much I enjoyed the film, and ask a few questions…
FANGORIA: REMOVAL is one part horror, one part psychological
thriller, mixed with a little bit of black comedy—would you agree?
PERKINS: I always saw it as a thriller, and with that you
have to be careful, because almost everything has been done 1,000 times before
and so it becomes really hard to stay, you know, “thrilling.” I felt like it
was important to also have comedy in there, just to keep the texture rich and
surprising. Not that it goes for laughs per se, but rather a sense of humor
that kind of lingers in the world and knows that it’s there and that it is
woven into the environment. For example, Cole gets up in the morning and he’s
talking to his wife about what a beautiful day it is, and we cut to his point
of view, and he’s looking out at the most depressing suburban tableau
imaginable. Yet he thinks it’s beautiful, because he is in such a deep state of
FANG: It took a while for the film to be picked up for
distribution, but you’ve gotten very positive reviews. Are you happy with how
the film turned out and all the feedback you’ve received?
SIMON: It’s been a really long and hard uphill battle
getting the film released, so it feels really great to get the positive
response. We made this movie for a very small amount of money. And when making
an independent film, you never think about how long it might take to get
distribution. Or even if you will get it, for that matter. I’m just so happy
that people can finally see it.
FANG: Oz, what’s it like writing with and taking direction
PERKINS: It was great, because we more or less met and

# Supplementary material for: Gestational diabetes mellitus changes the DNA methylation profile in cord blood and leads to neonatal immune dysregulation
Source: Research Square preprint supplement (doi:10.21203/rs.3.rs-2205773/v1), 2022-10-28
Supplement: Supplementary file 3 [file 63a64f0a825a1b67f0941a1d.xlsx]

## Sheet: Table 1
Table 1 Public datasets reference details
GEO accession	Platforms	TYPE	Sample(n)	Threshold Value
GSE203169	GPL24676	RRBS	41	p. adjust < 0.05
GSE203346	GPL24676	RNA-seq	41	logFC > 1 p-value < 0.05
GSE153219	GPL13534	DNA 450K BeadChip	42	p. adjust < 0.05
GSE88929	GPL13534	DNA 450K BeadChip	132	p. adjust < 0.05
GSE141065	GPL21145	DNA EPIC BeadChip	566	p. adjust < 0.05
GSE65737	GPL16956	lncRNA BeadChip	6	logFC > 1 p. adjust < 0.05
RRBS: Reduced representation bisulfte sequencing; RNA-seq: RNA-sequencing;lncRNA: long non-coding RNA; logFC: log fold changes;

worked for the first time together on a short film [2007’s SHADOW PLAY], so we
had a good sense of things going into the feature. I think we always just
wanted to do a better version of that short, so we had a basis from which to
build it. We very much co-authored the movie in that way, almost like we were
curating it, taking care of it and making sure it was being well-represented as
it evolved into a feature. We wanted to honor the short, which was why were all
there in the first place.
FANG: Nick, how was it working with Oz?
SIMON: Oz is really one of my best friends. He is an amazing
writer, actor and collaborator. I was lucky enough to have him in SHADOW PLAY.
He was a little intimidating to work with at first, but he is literally one of
the funniest people you could ever meet, and he went out of his way to make me
feel more comfortable with him. We also have the same birthday, so there may be
some weird cosmic thing going on!
FANG: What’s next on the agenda; any future projects we can
look forward to?
SIMON: I have a couple of scripts ready to go that I’ve
worked on with my co-writers on REMOVAL, Daniel Meersand and Oz. Also, Dan and
I just finished writing a script called SITE 146 that Alexandre Aja and Grégory
Levasseur are attached to, through Silvatar Media. Working in development with
Alex has been a real eye-opening experience. His passion for the genre is so
contagious. He has so many great ideas, and as a writer, I’ve grown
considerably since working with him.
PERKINS: I’m working on something really cool as well, but I
don’t want to say too much and jump the gun just yet! You’ll have to wait and